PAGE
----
That is a big part of the disillusionment with Google. For many years they were a leveler which was concerned primarily with quality. That grew the importance of search & differentiated them from everyone else, but then they decided to be "the same" & so many who promoted them felt a bit betrayed.
If a person gives you something and then takes it away you likely view them worse than someone who simply never offered that in the first place. As a species we are biologically aligned with being adverse toward loss.
Vertical AND Horizontal Integration
I was chatting with a friend about the above trend & his responses were:
"you don't shoot the guy that didn't give you the job; you shoot the guy that gave you the job and then fired you"
"their public image as being a leveler becomes more grating too, given how much they no longer represent that"
"the biggest problem we have in search is that search engines don't view themselves as a medium. They want to be the cable operator + television show + in-show advertising + commercials...I'm not aware of another medium where it works that way"
Affiliate links should be clearly labeled as such. When they are not clearly labeled & go through tracking redirects they are sneaky redirects in Google's remote rater guidelines. On YouTube the affiliate links to Amazon & iTunes are not labeled as such & add an extra layer of tracking redirects to the sequence.
Let Me See Your Backlinks!
Yesterday someone sent me an email about their reinclusion request being denied because someone else scraped their eZineArticles article & syndicated it to another 3rd party site.
They didn't create that link and yet they are somehow supposed to get a spammer (maybe one from another continent!) to remove it. In many cases spammers won't respond to anything other than cash, but if you do offer cash to get the job done then that spammer might keep adding more and more links over time, turning their mark into an easy source of subscription revenues.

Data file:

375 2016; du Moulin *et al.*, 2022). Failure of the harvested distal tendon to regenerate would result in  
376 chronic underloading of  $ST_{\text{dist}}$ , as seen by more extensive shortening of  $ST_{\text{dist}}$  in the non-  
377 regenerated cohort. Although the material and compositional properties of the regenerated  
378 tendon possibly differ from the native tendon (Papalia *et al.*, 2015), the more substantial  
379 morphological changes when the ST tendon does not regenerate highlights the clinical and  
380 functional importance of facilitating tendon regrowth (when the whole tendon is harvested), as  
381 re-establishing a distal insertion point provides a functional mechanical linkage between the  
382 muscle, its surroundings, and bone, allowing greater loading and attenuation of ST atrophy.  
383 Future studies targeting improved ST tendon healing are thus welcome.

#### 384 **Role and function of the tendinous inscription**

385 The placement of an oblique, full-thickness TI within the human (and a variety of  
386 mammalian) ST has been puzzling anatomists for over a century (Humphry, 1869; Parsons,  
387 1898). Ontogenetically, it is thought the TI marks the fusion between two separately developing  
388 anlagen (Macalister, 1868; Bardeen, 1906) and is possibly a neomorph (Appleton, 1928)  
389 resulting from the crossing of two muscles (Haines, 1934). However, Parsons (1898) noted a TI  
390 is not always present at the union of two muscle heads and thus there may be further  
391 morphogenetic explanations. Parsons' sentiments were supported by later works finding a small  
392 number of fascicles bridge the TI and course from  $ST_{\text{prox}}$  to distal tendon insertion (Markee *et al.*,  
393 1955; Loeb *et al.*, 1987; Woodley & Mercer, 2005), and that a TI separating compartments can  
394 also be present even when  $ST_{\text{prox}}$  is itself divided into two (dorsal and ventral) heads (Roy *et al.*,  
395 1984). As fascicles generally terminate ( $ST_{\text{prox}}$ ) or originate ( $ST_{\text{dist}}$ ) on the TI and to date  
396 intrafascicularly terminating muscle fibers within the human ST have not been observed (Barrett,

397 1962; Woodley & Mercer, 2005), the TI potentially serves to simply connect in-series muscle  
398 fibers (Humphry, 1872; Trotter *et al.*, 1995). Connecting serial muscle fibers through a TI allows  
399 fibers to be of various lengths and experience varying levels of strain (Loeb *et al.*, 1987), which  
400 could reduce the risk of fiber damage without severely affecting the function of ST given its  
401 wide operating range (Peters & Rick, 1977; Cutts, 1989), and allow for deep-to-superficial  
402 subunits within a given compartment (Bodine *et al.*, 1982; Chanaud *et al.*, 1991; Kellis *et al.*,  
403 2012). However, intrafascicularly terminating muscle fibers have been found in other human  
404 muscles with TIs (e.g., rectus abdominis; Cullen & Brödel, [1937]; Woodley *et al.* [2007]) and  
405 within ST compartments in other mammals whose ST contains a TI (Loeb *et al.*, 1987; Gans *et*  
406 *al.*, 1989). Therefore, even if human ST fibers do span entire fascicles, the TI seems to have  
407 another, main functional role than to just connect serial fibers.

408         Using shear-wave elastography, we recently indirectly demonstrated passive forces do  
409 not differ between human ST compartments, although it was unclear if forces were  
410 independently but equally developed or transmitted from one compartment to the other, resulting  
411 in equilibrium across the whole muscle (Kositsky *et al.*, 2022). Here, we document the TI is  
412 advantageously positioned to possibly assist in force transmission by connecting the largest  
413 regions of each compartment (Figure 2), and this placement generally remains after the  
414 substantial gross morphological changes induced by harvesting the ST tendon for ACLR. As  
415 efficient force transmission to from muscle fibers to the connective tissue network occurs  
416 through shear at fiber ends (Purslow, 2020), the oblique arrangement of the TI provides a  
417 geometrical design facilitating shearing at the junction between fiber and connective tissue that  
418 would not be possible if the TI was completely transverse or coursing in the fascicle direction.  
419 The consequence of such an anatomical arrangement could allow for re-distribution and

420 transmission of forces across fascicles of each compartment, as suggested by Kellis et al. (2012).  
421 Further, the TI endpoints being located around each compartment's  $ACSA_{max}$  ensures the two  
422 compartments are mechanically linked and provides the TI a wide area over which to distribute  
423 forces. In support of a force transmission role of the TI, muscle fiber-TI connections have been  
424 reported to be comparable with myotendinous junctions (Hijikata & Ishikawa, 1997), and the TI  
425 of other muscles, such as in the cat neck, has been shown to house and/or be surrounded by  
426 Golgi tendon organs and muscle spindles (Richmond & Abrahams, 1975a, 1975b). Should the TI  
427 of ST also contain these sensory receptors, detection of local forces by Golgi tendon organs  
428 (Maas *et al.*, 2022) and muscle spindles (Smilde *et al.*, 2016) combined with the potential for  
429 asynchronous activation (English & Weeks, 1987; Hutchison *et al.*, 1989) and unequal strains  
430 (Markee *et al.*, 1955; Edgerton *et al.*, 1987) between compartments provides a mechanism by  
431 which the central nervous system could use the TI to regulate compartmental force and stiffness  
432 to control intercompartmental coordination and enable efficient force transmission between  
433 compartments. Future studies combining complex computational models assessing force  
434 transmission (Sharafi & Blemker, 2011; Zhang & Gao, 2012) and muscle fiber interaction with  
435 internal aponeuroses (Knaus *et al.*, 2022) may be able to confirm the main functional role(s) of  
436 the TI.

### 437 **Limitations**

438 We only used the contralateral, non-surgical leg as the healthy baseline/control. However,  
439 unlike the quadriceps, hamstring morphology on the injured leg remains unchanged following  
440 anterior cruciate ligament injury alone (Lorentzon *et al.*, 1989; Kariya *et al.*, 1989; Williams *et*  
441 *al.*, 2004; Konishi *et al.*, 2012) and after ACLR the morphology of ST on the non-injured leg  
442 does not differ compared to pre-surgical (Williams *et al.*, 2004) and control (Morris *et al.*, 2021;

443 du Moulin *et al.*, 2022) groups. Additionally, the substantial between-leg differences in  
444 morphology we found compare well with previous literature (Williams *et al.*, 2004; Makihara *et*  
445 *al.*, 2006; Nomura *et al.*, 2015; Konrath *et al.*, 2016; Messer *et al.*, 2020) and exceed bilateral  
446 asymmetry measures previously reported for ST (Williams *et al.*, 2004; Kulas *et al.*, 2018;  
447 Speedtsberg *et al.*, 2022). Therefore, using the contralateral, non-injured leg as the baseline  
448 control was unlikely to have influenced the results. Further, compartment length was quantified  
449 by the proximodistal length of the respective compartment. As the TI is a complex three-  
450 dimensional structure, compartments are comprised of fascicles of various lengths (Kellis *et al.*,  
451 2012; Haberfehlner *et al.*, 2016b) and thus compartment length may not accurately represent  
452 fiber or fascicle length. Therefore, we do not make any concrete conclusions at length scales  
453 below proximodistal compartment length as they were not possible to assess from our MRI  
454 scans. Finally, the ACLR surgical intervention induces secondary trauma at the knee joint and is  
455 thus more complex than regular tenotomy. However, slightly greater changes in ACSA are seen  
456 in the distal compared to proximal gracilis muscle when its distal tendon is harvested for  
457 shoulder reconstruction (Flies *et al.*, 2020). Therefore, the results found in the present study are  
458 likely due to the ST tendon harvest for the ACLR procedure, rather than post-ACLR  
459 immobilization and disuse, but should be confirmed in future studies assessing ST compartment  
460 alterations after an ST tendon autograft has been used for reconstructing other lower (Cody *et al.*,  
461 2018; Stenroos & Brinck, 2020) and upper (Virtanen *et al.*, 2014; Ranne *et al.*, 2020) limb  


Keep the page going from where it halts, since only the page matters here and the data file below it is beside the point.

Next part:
What is Wrong With This Picture?
The above scenario is ridiculous.
If you look at *any* site closely enough there will be something wrong with it.
Just by the virtue of existing & ranking you will pick up dozens to hundreds of spammy links you don't even want, due to SERP scraper sites that are trying to rank on longtail keyword queries.
About 5 years ago I had a page get filtered out because it gained about 500 scraper links in a month. No matter what I did that page would not rank until it was rewrote with a fresh page title. When you could change things & have the algorithms re-evaluate them automatically there was at least a decent opportunity to get around such issues.
Now that there is a manual review process holding you responsible for the actions of third party webmasters the market is a bit more grim.
But at least a bunch of link removal services are cropping up to profit from Google's errant logic. ;)
Engineers Ad Networks Love Quality Websites Big Brands
But if you are a low margin small business who has seen declining revenue AND have to jump through further hoops (rather than focusing on running your business) at some point it is easier to give up than to keep on fighting.
Eventually a lot of the displacement trends that are hitting the organic search market will hit the paid search market & Google will make many of the enterprise AdWords management tools obsolete via a combination of various free scripts & data obfuscation.
At that point in time some of the paid search folks will look like the guy to the right, but nobody will care, as those same people reminded us that this is just how business works. :D